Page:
Monday, May 31, 2010

Review of The Swan Thieves by Elizabeth Kostova

From The Telegraph (Calcutta, India) --


By: Ipsita Chakravarty --
March 26, 2010 --

The Swan Thieves By Elizabeth Kostova, Little, Brown, Rs 595

Elizabeth Kostova seems to possess a love for the literal. The Swan Thieves, she tells you, is about “a mystery in the heart of the rise of French Impressionism”; it is “a story about painting and painters”. The subject of her first book, The Historian, had attracted her as she is “interested in history”. Kostova also stresses the role of “research” in both novels. Shortly after starting work on The Swan Thieves, she mentions reading A.S. Byatt. One can’t help feeling this might have been injudicious candour.

Robert Olivier is a painter. He likes the French Impressionists. He’s obsessed with a woman he may not even know. One day, he flies at a painting in the National Gallery. Admitted into a mental home, he refuses to speak. As the story progresses, this rather interesting situation is sidetracked. Olivier must be crazy in the good old-fashioned sense of the word. At least, that’s almost all the explanation you’ll get.

Andrew Marlow, a psychiatrist, sets out to record Olivier’s history. This entails sentimental reminiscences by women in the painter’s life and trips to exotic locales. Marlow’s perambulations are interspersed by letters between two 19th-century artists who had been lovers. As promised, everyone in the novel paints copiously.

The women are good-looking and, through sheer insistence, one is made aware that Olivier has a looming presence, “dark locks” and dishevelled clothes. Each character comes to that conclusion independently, several times over. Kostova seems to confuse her characters with the paintings they profess to love.

Perhaps this is partly intentional. Kostova begins with a rather obvious mis en scène, conflating text and painting. Presumably, the story that is about to be told must be seen within the framework of this painting. What follows is relentless description, often in an irritatingly formulaic cadence: “it was too pale, translucent”, “The furniture was modern and unobtrusive, incidental”. Sometimes Kostova has a stab at intensity. Lines like “and I felt his selfhood go down through me like lightning” certainly make for a lively read.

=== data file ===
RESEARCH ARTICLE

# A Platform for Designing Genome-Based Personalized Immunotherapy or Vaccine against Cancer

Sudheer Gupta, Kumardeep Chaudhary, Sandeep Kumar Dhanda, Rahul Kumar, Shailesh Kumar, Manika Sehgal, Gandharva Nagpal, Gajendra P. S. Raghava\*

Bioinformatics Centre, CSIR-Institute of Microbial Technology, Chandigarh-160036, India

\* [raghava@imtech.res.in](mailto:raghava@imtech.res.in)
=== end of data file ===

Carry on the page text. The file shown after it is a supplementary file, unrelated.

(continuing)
A glut of adjectives and frames clutter The Swan Thieves. The novel refers to so many contextual frameworks that it confuses itself. The myth of Leda and the swan is evoked, apparently to question traditional notions of power and sexual domination that it employs. Yeats’s poem is dutifully quoted. Kostova succeeds in making one almost comfortable with this disturbing myth. For a novel about obsession, it’s remarkably placid.

Painters diligently discuss what they feel about painting; a sentiment largely centred on paint under fingernails. Yet the engagement with French Impressionism seems superficial at best. Perhaps Impressionist painting, with its lilt of light and shadow, its fervent brush-stroke of heartfelt immediacy, its rebellious energy, is difficult to depict. Kostova periodically utters “Sisley” and “Monet”, describes paintings in laboured detail and offers a tenuous historical link through the epistolary narrative. Impressionism must serve a functional purpose; it must provide an object for the quest undertaken by Olivier’s psychiatrist.

In yet another ambitious frame of reference, Andrew Marlow is named after Joseph Conrad’s famous narrator. Conrad’s Marlow tells the story of the mysterious Lord Jim and goes on a quest that leads him to the depths of the human psyche, to the very heart of darkness. Andrew Marlow’s quest leads him to Olivier’s secret and, according to Kostova, to a “mystery” that lies at the “heart” of French Impressionism. Only it’s more of a puzzle, complete with clues and a solution, a triumph of the literal.

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